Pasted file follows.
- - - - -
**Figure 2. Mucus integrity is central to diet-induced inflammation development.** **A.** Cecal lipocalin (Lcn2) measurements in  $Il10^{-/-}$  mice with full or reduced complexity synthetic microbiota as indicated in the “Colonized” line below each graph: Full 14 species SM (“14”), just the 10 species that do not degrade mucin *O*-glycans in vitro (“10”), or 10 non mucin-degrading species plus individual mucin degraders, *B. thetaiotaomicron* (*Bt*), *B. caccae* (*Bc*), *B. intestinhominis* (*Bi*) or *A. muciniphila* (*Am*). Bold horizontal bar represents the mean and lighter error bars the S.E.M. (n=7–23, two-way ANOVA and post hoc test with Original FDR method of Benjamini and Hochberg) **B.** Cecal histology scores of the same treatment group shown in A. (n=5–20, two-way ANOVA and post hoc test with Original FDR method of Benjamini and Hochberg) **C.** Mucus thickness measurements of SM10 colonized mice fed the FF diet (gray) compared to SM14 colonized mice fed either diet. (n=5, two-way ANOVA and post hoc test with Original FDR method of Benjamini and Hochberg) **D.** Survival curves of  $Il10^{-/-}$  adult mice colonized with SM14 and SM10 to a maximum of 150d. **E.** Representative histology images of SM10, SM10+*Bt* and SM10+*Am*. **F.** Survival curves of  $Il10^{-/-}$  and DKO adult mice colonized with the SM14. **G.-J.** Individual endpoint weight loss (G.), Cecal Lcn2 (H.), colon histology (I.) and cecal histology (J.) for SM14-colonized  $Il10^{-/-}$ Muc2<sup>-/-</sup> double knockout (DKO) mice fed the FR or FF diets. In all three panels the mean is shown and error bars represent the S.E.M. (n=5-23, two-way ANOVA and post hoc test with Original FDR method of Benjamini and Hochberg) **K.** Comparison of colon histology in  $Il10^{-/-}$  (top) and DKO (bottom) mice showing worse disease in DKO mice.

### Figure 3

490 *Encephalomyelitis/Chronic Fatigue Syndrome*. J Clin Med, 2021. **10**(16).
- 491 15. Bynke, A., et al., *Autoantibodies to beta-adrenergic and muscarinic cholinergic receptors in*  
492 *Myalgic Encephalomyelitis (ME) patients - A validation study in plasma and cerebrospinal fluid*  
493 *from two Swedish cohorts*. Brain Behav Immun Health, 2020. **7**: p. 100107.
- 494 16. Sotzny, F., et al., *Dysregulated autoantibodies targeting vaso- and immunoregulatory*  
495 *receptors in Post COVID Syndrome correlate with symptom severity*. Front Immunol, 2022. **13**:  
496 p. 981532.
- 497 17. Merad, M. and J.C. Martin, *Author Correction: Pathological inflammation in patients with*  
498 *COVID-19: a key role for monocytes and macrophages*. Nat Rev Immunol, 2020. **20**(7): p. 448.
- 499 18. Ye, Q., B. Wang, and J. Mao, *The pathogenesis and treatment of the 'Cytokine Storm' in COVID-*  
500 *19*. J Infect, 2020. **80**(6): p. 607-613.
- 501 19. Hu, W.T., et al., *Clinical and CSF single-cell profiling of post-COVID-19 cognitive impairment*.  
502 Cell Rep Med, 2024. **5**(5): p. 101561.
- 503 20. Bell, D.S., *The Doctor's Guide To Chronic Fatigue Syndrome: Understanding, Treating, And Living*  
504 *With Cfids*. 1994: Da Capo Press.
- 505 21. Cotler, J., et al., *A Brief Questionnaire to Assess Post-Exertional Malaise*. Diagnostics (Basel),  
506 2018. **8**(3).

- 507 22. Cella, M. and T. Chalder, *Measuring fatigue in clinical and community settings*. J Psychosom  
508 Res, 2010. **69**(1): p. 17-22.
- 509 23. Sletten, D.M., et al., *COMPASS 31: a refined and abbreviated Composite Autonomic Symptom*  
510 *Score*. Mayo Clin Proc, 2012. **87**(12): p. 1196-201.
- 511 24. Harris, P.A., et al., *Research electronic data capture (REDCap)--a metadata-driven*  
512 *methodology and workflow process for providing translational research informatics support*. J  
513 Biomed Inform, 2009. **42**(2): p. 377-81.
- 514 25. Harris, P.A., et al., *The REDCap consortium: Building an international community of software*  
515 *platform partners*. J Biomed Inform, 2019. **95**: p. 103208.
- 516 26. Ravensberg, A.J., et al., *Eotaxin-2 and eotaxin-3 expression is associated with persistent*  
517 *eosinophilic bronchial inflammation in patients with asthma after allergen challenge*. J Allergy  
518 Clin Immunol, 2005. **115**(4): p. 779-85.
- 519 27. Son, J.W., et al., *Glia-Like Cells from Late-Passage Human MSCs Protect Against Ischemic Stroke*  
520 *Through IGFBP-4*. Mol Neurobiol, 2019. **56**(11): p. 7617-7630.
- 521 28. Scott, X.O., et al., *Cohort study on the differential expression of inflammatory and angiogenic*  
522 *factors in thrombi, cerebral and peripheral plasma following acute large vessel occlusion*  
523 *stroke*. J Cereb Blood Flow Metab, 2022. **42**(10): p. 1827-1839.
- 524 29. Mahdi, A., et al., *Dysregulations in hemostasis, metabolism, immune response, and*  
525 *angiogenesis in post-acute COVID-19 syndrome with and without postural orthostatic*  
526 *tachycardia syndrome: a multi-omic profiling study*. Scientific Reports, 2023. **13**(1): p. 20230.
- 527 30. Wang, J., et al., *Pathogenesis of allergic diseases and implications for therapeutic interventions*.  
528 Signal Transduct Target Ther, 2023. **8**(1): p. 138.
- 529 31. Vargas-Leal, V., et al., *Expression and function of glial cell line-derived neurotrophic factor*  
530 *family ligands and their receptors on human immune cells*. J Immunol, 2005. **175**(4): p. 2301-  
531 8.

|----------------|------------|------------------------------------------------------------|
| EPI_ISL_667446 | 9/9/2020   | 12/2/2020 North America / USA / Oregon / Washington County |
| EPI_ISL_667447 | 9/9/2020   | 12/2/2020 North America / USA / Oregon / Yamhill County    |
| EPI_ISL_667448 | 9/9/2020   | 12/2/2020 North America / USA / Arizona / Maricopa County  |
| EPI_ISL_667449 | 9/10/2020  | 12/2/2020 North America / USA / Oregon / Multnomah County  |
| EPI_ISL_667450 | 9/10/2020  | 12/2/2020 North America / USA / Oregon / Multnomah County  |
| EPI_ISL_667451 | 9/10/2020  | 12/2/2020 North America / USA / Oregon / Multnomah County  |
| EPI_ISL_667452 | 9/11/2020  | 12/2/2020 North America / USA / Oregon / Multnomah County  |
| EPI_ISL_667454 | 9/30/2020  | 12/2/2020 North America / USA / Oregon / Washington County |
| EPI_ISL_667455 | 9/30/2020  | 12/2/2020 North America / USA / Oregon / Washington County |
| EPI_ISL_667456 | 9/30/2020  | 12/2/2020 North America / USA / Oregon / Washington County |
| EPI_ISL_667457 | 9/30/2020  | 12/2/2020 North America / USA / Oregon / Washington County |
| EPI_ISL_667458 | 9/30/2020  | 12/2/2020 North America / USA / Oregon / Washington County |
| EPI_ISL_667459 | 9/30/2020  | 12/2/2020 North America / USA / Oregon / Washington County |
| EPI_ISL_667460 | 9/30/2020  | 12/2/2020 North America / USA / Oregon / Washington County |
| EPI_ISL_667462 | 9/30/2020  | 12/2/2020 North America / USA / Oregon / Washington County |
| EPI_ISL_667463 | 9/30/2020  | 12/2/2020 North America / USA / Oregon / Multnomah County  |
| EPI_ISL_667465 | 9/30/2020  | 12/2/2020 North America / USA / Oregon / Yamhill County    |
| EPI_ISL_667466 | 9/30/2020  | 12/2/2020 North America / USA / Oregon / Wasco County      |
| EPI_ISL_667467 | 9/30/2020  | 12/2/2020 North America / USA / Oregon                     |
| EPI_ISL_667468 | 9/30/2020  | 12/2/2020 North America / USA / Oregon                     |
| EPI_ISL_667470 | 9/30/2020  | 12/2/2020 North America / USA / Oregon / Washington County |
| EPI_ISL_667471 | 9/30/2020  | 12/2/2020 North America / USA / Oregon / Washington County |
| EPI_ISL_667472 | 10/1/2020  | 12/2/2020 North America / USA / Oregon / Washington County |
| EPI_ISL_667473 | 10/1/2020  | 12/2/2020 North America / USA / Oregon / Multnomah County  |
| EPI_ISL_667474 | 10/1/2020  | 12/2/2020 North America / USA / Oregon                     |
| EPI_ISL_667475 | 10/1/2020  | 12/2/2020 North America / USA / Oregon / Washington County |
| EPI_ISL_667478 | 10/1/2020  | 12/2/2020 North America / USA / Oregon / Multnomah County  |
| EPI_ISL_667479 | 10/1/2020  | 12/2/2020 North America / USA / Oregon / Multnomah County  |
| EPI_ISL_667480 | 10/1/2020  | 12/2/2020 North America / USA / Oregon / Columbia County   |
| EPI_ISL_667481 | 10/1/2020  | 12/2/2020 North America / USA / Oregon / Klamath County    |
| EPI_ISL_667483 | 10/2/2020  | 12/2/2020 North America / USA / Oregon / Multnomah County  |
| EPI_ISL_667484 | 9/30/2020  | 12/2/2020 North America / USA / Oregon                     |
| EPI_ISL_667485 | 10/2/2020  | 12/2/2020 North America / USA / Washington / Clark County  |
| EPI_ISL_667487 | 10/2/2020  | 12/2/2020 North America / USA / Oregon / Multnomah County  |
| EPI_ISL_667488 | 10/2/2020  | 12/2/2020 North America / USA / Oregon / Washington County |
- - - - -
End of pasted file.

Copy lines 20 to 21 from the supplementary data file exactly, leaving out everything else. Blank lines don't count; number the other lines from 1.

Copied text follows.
- 507 22. Cella, M. and T. Chalder, *Measuring fatigue in clinical and community settings*. J Psychosom  
508 Res, 2010. **69**(1): p. 17-22.